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All the World's a Stage...

Symbolism, Imagery, Allegory

When Jaques says "all the world's a stage," he draws our attention to the theatricality of day-to-day living and he also reduces human life to an acting role, which is a pretty cynical thing to do.

Of course, Shakespeare also draws our attention to the fact that "Jaques" really is nothing more than an actor performing a role on a stage. Shakespeare loves reminding his play-going audiences that they're at the theater—he does it in just about all of his plays, including Hamlet and The Taming of the Shrew. (Did we mention that Shakespeare's acting company built a theater in 1599 called The Globe… sounds kind of like The World, right?)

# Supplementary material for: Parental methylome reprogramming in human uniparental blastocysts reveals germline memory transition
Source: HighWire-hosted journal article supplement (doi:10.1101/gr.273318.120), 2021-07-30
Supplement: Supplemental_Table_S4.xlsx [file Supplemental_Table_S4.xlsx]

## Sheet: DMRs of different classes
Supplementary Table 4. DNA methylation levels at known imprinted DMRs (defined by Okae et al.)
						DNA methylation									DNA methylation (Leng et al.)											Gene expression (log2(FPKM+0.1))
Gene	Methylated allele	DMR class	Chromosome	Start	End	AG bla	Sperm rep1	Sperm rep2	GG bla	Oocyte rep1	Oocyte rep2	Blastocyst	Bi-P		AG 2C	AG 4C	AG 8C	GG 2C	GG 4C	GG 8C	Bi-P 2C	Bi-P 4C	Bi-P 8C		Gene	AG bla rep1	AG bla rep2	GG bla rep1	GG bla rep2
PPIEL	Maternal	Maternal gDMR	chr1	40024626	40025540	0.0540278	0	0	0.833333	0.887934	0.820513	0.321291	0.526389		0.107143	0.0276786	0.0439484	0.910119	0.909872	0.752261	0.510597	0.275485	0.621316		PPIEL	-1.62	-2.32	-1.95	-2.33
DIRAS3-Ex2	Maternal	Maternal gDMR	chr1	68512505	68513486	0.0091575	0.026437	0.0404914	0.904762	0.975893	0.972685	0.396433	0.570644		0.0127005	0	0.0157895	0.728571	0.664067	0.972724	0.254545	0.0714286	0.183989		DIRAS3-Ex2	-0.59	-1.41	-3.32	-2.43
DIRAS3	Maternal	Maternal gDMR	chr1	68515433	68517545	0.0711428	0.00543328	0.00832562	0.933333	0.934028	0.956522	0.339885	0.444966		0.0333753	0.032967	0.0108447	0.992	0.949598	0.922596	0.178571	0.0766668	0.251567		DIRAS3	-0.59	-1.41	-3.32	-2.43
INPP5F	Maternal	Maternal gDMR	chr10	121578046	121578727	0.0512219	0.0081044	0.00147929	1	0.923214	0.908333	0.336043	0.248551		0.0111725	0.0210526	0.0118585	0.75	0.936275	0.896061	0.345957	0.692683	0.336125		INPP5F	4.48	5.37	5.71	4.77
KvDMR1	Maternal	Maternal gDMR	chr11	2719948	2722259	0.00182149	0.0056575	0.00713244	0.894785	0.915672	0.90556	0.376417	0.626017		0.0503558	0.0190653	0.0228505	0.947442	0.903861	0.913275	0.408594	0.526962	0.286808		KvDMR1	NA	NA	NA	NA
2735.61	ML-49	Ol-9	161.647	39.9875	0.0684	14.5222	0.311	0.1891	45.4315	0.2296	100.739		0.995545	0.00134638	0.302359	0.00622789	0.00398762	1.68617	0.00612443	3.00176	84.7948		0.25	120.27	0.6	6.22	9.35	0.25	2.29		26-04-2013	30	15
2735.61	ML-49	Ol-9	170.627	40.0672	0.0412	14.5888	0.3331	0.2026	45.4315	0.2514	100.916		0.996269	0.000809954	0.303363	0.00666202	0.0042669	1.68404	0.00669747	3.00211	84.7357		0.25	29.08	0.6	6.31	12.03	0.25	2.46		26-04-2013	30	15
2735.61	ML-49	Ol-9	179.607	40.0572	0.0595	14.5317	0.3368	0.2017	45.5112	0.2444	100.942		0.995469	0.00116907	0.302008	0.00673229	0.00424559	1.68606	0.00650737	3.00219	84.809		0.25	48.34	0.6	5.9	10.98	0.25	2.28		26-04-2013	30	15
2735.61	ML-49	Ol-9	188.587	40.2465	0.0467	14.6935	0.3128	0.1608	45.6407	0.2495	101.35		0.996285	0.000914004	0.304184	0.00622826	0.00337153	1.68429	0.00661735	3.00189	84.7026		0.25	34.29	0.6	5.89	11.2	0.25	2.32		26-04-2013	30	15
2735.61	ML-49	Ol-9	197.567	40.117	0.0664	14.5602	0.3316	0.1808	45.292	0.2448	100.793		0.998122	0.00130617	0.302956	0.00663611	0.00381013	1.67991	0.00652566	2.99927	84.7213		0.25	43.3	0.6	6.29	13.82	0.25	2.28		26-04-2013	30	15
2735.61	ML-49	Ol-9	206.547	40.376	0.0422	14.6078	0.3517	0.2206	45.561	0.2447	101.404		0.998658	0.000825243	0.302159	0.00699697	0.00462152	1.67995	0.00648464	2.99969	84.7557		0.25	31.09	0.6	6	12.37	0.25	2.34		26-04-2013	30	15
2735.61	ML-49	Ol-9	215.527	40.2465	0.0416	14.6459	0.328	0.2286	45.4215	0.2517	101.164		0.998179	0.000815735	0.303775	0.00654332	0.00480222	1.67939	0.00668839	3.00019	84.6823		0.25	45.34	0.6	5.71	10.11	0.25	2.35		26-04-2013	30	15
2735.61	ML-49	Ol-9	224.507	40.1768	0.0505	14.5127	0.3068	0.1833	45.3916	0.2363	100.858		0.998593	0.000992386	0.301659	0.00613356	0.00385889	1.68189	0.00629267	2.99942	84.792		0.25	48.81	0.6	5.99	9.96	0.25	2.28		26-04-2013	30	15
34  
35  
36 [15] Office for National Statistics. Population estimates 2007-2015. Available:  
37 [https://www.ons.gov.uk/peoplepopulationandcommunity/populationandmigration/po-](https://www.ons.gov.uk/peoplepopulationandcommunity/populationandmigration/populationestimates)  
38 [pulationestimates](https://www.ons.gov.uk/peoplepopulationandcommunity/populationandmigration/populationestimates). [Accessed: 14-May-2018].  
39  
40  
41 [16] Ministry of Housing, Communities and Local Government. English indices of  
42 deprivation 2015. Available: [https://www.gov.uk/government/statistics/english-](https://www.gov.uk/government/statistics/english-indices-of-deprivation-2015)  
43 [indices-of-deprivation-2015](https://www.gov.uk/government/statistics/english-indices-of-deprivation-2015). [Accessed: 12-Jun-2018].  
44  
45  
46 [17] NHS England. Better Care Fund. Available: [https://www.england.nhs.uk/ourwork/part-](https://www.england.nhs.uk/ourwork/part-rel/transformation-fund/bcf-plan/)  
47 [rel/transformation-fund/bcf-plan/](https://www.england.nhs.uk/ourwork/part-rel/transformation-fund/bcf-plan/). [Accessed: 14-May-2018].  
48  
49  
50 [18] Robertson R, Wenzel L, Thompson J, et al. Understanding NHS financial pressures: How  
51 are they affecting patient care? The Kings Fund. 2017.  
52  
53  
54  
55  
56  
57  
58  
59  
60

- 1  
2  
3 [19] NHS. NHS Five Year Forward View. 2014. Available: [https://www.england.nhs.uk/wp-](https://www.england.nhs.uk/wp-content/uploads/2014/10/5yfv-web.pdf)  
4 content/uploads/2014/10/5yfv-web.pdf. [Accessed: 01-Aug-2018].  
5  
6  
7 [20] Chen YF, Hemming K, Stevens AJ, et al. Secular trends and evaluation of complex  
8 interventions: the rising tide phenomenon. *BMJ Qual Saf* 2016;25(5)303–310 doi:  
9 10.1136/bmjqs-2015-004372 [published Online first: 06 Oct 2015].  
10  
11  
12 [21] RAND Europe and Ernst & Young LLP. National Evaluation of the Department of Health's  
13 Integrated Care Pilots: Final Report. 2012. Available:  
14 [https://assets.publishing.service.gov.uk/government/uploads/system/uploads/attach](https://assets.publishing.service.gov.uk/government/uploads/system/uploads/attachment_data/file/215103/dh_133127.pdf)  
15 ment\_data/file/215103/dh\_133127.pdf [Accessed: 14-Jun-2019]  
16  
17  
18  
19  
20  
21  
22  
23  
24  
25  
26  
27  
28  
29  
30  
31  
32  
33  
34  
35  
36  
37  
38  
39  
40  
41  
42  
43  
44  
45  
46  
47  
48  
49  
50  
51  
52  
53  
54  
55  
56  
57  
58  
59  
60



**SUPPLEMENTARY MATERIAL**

In fact, the title character of Macbeth says something nearly identical to Jaques' speech:

Life's but a walking shadow, a poor player,
That struts and frets his hour upon the stage,
And then is heard no more: it is a tale
Told by an idiot, full of sound and fury,
Signifying nothing

Because Macbeth has just learned that his wife is dead, there's something profound about his hopelessness. On the other hand, when Jaques says pretty much the same thing, it just seems like a giant cliché being uttered by a poser and a wannabe philosopher. Even though what Jaques says seems to be true (the world often really does seem like a stage), it can be hard to take the speech seriously.

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